“We're not going to have a single solution to our energy deficit. It's going to take all the players. Some will be more successful than others, but everybody's got a place at the table right now.” – Billy Cook, senior vice president of the Oklahoma-based Noble Foundation, discussing how a 1,000-acre switchgrass planting near Guymon, OK, will eventually provide feedstock for a planned $300-million biofuel refinery in nearby Hugoton, KS. The refinery is expected to begin production in 2012. Source: Washington Examiner.

“Whoever set this fire needs to be caught.” – Calhoun, MO, beef producer who lost his winter supply of hay in a fire last week. Local law enforcement officials suspect arson as the cause of this blaze and another area hay fire earlier in the month. Source: KMBC-TV, Kansas City.




State Reports: Michigan, Texas
Michigan
With the haymaking season winding down, supplies in many parts of the state are abundant, says Jerry Lindquist, Osceola County extension director. “There are a few dry areas (southwestern Lower Peninsula and western Upper Peninsula) where they might be a little short on production this year,” he says. “But statewide we’re probably 10-20% above normal.”

Favorable weather early in September played a big role in the production spurt. “We had a lot of rainfall in late July and August, and people weren’t able to get in the field to put up the crop. It was depressing. But the weather broke at just the right time and allowed a lot of hay that was just sitting out there in the fields to be made.”

On prices, Lindquist reports that high-quality alfalfa is currently bringing $115-130/ton at the farm. “A year ago, just about everything was selling for over $150/ton,” he says. Prices for alfalfa-grass hay used in the horse industry have also dropped $20-35/ton from year-ago levels and may fall lower once all forage crops are harvested.

Along with this year’s plentiful supply, a drop in demand explains the price slump, says Lindquist. “Dairy farmers are now getting about half of what they were a year ago for their milk, so they don’t have as much money to spend on hay. Also, a lot of horse owners are cutting back on the number of horses they’re keeping. Some are cutting back on how much hay they’re buying. Others are buying week to week rather than buying ahead. The situation in the general economy has greatly impacted the hay industry on a lot of different levels.”

To contact Lindquist, call 231-832-6139 or email lindquis@msu.edu.

Texas
A non-profit agency is looking to line up hay supplies for livestock producers in the Coastal Bend region of Texas hit hard by a prolonged drought.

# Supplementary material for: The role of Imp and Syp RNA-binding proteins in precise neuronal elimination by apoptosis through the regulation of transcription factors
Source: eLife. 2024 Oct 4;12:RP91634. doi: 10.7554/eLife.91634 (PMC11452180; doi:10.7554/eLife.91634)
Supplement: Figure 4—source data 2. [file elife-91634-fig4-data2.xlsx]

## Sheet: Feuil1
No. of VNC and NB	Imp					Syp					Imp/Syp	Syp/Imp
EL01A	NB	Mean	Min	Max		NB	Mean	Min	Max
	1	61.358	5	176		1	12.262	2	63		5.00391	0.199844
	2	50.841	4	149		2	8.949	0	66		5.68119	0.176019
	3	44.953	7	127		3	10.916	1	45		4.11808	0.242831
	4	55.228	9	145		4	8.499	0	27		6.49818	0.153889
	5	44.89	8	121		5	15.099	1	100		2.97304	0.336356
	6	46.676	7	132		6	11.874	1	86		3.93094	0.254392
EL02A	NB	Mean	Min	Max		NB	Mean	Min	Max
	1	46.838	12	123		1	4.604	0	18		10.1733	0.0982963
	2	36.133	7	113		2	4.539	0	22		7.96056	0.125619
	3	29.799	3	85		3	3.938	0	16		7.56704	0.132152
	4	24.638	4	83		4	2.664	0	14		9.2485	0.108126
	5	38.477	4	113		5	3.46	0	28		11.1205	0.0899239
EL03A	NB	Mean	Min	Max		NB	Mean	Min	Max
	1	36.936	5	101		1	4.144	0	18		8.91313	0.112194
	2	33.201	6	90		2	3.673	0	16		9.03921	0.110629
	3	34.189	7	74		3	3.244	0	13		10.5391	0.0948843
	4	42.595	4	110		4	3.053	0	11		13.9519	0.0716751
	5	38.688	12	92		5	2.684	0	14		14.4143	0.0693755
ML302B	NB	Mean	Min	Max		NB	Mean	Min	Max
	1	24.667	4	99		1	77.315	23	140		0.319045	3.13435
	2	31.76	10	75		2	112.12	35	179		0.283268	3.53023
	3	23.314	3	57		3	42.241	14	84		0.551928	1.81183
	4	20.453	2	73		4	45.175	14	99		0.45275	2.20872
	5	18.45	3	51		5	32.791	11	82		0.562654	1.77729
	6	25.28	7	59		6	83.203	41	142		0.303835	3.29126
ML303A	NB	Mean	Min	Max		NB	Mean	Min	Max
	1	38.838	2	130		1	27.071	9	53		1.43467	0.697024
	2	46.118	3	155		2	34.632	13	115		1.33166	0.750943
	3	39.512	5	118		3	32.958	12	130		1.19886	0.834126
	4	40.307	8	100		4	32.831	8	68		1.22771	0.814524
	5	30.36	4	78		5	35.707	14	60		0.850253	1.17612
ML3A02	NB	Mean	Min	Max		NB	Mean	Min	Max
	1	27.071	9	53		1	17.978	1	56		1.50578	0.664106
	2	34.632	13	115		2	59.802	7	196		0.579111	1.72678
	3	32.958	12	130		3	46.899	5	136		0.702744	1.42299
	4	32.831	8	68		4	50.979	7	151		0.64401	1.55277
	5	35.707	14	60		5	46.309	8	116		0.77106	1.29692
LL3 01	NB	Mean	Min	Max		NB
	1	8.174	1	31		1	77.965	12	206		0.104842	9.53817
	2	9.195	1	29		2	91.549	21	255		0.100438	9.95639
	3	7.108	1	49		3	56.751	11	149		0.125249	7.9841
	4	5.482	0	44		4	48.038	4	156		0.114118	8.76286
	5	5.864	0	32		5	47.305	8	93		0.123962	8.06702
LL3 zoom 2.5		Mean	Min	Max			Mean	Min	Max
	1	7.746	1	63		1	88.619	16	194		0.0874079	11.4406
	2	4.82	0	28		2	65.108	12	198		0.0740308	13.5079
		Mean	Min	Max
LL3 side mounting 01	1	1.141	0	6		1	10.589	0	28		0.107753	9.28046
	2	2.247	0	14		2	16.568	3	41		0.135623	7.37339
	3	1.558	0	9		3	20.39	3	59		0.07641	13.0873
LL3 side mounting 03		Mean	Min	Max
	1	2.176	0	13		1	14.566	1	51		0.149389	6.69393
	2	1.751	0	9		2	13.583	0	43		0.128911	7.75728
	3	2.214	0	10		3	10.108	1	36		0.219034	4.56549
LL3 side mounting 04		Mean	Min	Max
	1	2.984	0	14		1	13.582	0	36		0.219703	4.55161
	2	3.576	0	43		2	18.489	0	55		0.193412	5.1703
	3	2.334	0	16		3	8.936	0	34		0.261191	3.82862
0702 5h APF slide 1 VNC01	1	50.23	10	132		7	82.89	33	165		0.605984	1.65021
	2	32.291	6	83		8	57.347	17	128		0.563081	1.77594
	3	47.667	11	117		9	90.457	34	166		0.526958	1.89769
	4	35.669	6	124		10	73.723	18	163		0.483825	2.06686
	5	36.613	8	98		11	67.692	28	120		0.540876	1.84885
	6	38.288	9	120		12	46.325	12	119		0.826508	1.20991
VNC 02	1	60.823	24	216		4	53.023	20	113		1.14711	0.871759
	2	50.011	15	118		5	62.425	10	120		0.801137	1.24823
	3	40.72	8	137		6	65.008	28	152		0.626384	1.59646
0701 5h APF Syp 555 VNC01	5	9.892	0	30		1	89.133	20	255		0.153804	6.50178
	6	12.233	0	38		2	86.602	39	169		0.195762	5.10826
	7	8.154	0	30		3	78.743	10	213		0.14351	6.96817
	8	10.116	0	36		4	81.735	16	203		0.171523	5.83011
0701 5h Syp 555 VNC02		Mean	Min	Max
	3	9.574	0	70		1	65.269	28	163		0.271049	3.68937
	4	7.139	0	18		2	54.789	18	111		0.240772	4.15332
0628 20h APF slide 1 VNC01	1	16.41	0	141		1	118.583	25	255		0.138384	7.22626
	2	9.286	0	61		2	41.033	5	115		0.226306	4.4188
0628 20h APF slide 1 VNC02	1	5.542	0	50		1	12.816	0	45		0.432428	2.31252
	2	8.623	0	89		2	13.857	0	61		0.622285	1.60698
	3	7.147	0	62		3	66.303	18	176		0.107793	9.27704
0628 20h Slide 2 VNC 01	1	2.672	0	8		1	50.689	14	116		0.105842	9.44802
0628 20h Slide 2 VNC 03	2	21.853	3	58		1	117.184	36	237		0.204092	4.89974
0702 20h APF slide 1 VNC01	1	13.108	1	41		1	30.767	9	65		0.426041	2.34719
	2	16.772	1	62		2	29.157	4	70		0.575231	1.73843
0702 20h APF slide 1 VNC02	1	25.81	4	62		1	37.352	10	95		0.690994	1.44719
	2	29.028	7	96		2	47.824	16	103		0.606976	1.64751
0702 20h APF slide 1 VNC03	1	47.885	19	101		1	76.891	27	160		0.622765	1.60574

“A lot of pastures in our area are really in tough shape because of the drought,” says Jerry Pearce, coordinator for De-Go-La Resource Conservation and Development, Inc., in Victoria. Sponsored by USDA-NRCS, De-Go-La is a non-profit organization serving 16 counties. “We’ve had a little rain in the last few weeks. But we estimate we could get two or three rains per week from now until the end of the year and it will still be six months to a year before those pastures are fully recovered. Getting enough hay for the winter feeding season is going to be a challenge for many people.”

Pearce notes that some livestock producers have been able to secure supplies on their own. “But a lot of the hay that’s out there is unaffordable for ranchers who are facing very difficult economic times,” he says. “It’s tough for an individual producer looking to buy just one or two loads of hay to negotiate any kind of price. We’re looking to see if we can negotiate some volume discounts with suppliers.”

Specifically, Pearce’s agency is trying to connect with suppliers in Texas and neighboring states who can deliver several thousand round bales of grass hay (Coastal bermudagrass or bermudagrass-fescue mixtures). “We’d like it to be high-quality hay from this year’s cuttings,” says Pearce. “But it doesn’t have to be 14% protein bermudagrass. Ideally, the price, including transportation, would be $50/bale or less.”

He emphasizes the project is still in the planning stages. “A story about this ran in a local newspaper last week, and since then local extension and NRCS offices have been flooded with calls from people looking to buy hay. That tells us there’s definitely a need for something like this. Our role would be to act as a clearinghouse.”

To contact Pearce, call 361-570-7138 or email jerry.pearce@tx.usda.gov.




Events

Alfalfa Training Coming To Indianapolis
The National Alfalfa & Forage Alliance has scheduled an Alfalfa Intensive Training Seminar for Nov. 17-19 at the University Place Conference Center & Hotel in Indianapolis, IN. Taught by a team of four nationally recognized alfalfa experts, the seminar will provide training for seed dealers, sales staff, consultants, large-scale producers and others who want to improve their alfalfa knowledge. Topics to be covered include genetics, variety selection, seed production, diseases, insects, sampling and testing, marketing and more.

Class size is limited. For more details, go to www.alfalfa.org.




Calendar Of Events
Sept. 29-Oct. 3 -- World Dairy Expo, Alliant Energy Center, Madison, WI. Visit www.worlddairyexpo.com.

Oct. 23-24 -- Virginia Tech University’s 2009 Mid-Atlantic Grass-Finished Livestock Conference, Holiday Inn Conference Center, Staunton, VA. Contact Margaret Kenny at 434-292-5331 or makenny@vt.edu.

Oct. 29 -- Kentucky Grazing Conference, University of Kentucky Research and Education Center, Princeton. Visit www.uky.edu/Ag/Forage.

Oct. 29 -- LSU AgCenter Calhoun Research Station Field Day, Calhoun, LA. Innovative uses for forest and forage biomass will be featured. Contact Michael Blazier at 318-927-2578 or mblazier@agcenter.lsu.edu.

Nov. 4-6 -- DHI-Provo 55th-Annual Herd Management Training Conference, Provo, UT. Details at www.dhiprovo.com.

Nov. 18-19 -- McCook Farm And Ranch Expo, Red Willow County Fairgrounds, McCook, NE. Visit mccookfarmandranchexpo.net or call 866-685-0989.

Dec. 1-2 -- Manitoba Grazing School, Victoria Inn, Brandon. Call 204-622-2006.

Dec. 2-4 -- Western Alfalfa And Forage Conference, Grand Sierra Resort & Casino, Reno, NV. Go to alfalfa.ucdavis.edu/+symposium/2009/.

Dec. 13-16 -- Fourth National Conference On Grazing Lands, Reno, NV. Presented by the Grazing Lands Conservation Initiative. Visit www.glci.org.

Feb. 16-17, 2010 -- Idaho Hay And Forage Conference, Best Western Burley Inn, Burley. Contact Glenn Shewmaker at 208-736-3608 or gshew@uidaho.edu.

April 8-9, 2010 -- Hay Production School, Spence Field, Moultrie, GA. Details to come at www.georgiaforages.com.

June 20-22, 2010 -- American Forage And Grassland Council Annual Conference, University Plaza Hotel, Springfield, MO. Details to come at www.afgc.org.